For months the specter of the possible bankruptcy of CIT Group Inc., one of the country's largest providers of financing for small and mid-size business, has haunted the retail industry. CIT provides up to 80 percent of the factoring capital used by independent retailers and retail franchisees to purchase merchandise from manufacturers.
Over the weekend CIT's bankruptcy filing came to pass. But industry experts are hoping the timing and structure of the filing will blunt the impact on CIT's retail clients. Though the all important holiday shopping season looms, most retailers have already paid for merchandise and therefore aren't likely to be affected as CIT restructures, says Joe Alouf, senior managing partner in the San Francisco office of Eaglepoint Advisors, a turnaround and restructuring arm of Kurt Salmon Associates, a global retail consulting firm.
The bankruptcy is a pre-packaged, with an end-of-year deadline for the completion of CIT's restructuring efforts. For the time being, operations will proceed as normal, CIT said in a statement. What's more, immediately prior to the filing, CIT secured a $1 billion committed line of credit from investment firm Icahn Capital LP and expanded its $3 billion senior secured credit facility by $4.5 billion. As a result, CIT has assured its clients that their business won't be affected during the restructuring process.
After the restructuring, however, CIT, which was brought to its current position by too much debt, is likely to curtail its lending, notes Alouf. And that's when a lot of its retail clients might face difficulty finding alternative sources of funding. That could pose a lot of troubling questions and might force some weaker retailers out of business.
"What's going to happen is that a lot of the smaller and less credit-worthy players are not going to be acceptable to CIT in its new format," says Alouf. "That means they are going to have to find a replacement credit provider. It's probably going to take a while for those customers to find other sources of capital and they cannot survive without CIT. I think we are going to see that the weaker retailers are going to have significant disruptions to their business."
The difficulty of finding alternative sources of capital might be exacerbated by the continuing troubles in the U.S. banking sector, adds Howard Davidowitz, chairman of Davidowitz & Associates Inc., a New York City-based retail consulting and investment banking firm. Historically, regional banks have been among the main sources of factoring capital for small and mid-size retail businesses, but many of those banks are failing at an alarming rate because of troubled residential and commercial real estate loans.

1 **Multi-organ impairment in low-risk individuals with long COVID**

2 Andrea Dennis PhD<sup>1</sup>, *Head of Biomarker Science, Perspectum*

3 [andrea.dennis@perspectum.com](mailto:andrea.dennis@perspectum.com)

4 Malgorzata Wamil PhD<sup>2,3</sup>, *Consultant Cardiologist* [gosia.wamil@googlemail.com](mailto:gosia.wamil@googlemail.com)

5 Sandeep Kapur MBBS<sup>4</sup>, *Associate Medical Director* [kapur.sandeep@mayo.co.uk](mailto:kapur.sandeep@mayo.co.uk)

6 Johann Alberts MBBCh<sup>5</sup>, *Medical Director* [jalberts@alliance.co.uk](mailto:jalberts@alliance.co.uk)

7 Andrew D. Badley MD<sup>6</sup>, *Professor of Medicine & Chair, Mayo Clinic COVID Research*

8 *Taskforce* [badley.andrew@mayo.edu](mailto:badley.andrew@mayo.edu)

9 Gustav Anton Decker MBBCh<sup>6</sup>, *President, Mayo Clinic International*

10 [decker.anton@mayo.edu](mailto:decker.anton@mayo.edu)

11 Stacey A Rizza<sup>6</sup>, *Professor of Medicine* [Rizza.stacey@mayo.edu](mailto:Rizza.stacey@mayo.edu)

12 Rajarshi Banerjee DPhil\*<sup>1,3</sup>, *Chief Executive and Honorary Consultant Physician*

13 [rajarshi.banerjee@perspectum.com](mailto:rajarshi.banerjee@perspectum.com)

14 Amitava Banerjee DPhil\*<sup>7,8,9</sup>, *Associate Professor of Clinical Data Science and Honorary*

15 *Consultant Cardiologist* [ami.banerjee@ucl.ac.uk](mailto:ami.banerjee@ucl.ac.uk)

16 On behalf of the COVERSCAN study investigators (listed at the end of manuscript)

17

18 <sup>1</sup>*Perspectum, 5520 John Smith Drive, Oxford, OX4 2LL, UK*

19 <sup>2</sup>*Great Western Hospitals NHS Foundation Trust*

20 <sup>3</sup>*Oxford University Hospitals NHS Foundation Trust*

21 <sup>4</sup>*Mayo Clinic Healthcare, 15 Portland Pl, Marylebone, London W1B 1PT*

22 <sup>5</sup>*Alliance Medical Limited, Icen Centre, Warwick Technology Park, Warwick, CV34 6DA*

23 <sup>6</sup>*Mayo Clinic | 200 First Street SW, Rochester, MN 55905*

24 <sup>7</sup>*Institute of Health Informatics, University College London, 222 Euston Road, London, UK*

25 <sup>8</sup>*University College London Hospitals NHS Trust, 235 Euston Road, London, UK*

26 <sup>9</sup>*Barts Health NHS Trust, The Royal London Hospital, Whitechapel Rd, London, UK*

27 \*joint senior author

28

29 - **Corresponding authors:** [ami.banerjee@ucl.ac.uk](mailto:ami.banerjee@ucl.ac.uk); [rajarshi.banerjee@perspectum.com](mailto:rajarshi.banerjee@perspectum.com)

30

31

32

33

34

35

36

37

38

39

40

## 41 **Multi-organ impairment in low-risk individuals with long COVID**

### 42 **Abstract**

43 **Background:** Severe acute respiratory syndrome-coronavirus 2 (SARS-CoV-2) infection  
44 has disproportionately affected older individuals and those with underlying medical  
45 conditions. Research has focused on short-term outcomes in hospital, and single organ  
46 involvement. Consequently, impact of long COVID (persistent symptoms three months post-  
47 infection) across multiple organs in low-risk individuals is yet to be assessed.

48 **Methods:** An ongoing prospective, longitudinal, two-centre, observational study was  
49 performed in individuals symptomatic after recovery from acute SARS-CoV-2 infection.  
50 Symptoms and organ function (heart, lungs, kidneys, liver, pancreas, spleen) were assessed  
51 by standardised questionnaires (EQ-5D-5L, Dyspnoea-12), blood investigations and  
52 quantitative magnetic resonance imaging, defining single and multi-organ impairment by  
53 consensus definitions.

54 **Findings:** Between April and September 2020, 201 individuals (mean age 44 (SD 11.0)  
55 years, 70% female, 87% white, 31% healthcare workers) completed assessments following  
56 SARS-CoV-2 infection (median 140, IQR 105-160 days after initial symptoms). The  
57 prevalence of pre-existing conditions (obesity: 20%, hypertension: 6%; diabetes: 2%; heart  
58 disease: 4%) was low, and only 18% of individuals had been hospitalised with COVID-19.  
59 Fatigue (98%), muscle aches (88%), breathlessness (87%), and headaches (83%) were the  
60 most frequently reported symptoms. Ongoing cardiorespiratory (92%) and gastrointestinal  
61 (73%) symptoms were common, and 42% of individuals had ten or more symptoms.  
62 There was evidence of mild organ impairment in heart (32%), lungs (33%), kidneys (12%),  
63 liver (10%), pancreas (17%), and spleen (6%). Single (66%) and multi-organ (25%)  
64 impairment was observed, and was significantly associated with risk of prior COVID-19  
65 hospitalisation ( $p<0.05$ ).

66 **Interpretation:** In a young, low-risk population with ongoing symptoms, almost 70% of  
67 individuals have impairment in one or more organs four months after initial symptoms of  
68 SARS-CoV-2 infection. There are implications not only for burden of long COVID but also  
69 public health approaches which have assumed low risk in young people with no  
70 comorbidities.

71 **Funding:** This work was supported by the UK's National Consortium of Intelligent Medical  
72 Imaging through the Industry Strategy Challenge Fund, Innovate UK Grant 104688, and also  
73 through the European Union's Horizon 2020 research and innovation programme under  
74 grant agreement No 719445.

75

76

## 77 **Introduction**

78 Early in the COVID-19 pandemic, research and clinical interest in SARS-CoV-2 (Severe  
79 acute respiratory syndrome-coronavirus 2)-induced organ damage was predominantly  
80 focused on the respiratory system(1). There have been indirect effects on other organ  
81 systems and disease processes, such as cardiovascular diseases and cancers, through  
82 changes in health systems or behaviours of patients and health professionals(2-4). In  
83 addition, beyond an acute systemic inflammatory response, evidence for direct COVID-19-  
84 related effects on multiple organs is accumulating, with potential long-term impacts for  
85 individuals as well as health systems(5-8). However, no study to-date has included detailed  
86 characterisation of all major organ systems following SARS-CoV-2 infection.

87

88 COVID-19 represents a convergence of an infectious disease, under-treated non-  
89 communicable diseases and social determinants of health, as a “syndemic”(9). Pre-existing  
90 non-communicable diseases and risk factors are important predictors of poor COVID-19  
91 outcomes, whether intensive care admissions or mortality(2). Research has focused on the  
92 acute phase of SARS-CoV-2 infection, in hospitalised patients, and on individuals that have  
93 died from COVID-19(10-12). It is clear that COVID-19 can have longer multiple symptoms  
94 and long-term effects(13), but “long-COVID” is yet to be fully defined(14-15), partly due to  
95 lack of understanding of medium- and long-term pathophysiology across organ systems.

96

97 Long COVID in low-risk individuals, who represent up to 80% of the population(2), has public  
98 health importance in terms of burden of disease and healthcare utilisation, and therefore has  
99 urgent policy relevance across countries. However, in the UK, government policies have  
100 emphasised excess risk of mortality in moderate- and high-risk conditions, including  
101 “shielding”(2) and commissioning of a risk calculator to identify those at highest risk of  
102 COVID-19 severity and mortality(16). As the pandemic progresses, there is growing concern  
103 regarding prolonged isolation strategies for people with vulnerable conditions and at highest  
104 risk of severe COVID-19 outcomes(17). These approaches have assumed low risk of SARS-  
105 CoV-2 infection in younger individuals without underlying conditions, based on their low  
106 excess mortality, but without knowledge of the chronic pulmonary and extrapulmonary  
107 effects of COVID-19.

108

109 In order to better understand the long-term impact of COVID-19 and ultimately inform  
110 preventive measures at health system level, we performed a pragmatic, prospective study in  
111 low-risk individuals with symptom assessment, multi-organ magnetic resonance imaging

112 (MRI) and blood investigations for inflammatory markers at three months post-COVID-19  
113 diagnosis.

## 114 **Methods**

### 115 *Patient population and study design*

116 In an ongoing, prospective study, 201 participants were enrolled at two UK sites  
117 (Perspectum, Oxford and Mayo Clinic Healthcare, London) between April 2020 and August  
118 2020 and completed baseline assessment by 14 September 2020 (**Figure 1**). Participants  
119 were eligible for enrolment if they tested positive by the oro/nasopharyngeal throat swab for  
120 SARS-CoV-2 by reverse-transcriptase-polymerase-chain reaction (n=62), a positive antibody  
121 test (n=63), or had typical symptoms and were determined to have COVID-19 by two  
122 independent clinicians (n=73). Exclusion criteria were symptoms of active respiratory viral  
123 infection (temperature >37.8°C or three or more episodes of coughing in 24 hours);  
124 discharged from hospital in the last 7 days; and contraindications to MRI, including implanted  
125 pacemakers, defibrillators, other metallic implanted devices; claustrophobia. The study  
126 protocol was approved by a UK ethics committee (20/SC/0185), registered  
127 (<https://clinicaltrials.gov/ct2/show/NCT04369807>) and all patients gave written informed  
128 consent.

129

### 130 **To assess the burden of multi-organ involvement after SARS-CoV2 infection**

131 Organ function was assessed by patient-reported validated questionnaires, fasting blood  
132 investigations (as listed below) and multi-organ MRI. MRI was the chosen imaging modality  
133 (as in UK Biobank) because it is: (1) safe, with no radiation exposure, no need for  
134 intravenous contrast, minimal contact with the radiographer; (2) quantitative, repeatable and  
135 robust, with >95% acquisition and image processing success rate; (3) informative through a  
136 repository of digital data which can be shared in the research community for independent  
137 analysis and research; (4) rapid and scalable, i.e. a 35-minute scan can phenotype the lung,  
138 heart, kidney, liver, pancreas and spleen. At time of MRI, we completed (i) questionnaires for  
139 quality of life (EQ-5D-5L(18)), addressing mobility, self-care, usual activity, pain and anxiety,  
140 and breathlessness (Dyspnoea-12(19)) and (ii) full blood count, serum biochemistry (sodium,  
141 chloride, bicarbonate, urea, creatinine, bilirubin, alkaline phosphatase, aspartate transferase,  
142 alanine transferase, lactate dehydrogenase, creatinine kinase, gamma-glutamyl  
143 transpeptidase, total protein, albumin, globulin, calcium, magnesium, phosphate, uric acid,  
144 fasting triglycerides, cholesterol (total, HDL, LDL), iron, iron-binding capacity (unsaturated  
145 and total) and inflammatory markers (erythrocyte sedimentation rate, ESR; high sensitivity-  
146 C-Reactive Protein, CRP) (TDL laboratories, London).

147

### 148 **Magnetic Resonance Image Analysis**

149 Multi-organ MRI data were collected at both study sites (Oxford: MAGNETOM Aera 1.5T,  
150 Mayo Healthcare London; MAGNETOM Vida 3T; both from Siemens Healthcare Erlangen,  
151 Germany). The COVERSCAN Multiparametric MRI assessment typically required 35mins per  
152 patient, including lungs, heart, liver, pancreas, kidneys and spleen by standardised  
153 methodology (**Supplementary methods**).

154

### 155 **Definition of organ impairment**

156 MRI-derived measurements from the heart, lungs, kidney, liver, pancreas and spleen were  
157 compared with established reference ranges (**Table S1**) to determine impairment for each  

This year, there have already been more than 100 bank failures, and hundreds more are expected to take place in 2010. Meanwhile, CIT's other competitors in the factoring business—firms including Rosenthal & Rosenthal Inc. and Sterling Factors Corp.—might not have the lending capacity to fulfill all the excess demand likely to be created by the combination of the CIT restructuring and the regional bank failures.
As a result, those of CIT retail clients who have been teetering near the edge of bankruptcy for most of 2009 might be forced to enter Chapter 11 in the early months of 2010, says Matthew Bordwin, national co-head of the real estate services team in the Melville, N.Y. office of KPMG Corporate Finance LLC. "I would suspect that come January, February, March, the outcome of CIT restructuring will have a material impact on [retailers'] ability to get funding. Those retailers that have avoided filing over the last couple of months—it's going to be really tough for them."
Because CIT's retail clientele is made up of smaller retailers and because the credit markets appear to be thawing, retail real estate professionals claim the impact on retail properties is going to be minimal. By the time the CIT restructuring is completed, debt providers that have so far been sitting on the sidelines might be ready to step in and pick up any leftover business, says John Bemis, executive vice president and director of leasing andwith Jones Lang LaSalle Retail, an Atlanta-based third party property manager.
Many retail consultants, however, are worried that might not turn out to be the case. "I think the question of whether CIT will continue to serve the needs of retailers has not been answered yet and the ability for retailers to get financing has been a real challenge over the last year," says George Whalin, founder of Retail Management Consultants, a Carlsbad, Calif.-based consulting firm. "If retailers can't get financing, the issue becomes how many retailers can survive without CIT and a lot of them can't. CIT finances a lot of guys with 10, or 20, or 40 stores and a lot of those retailers may be in malls."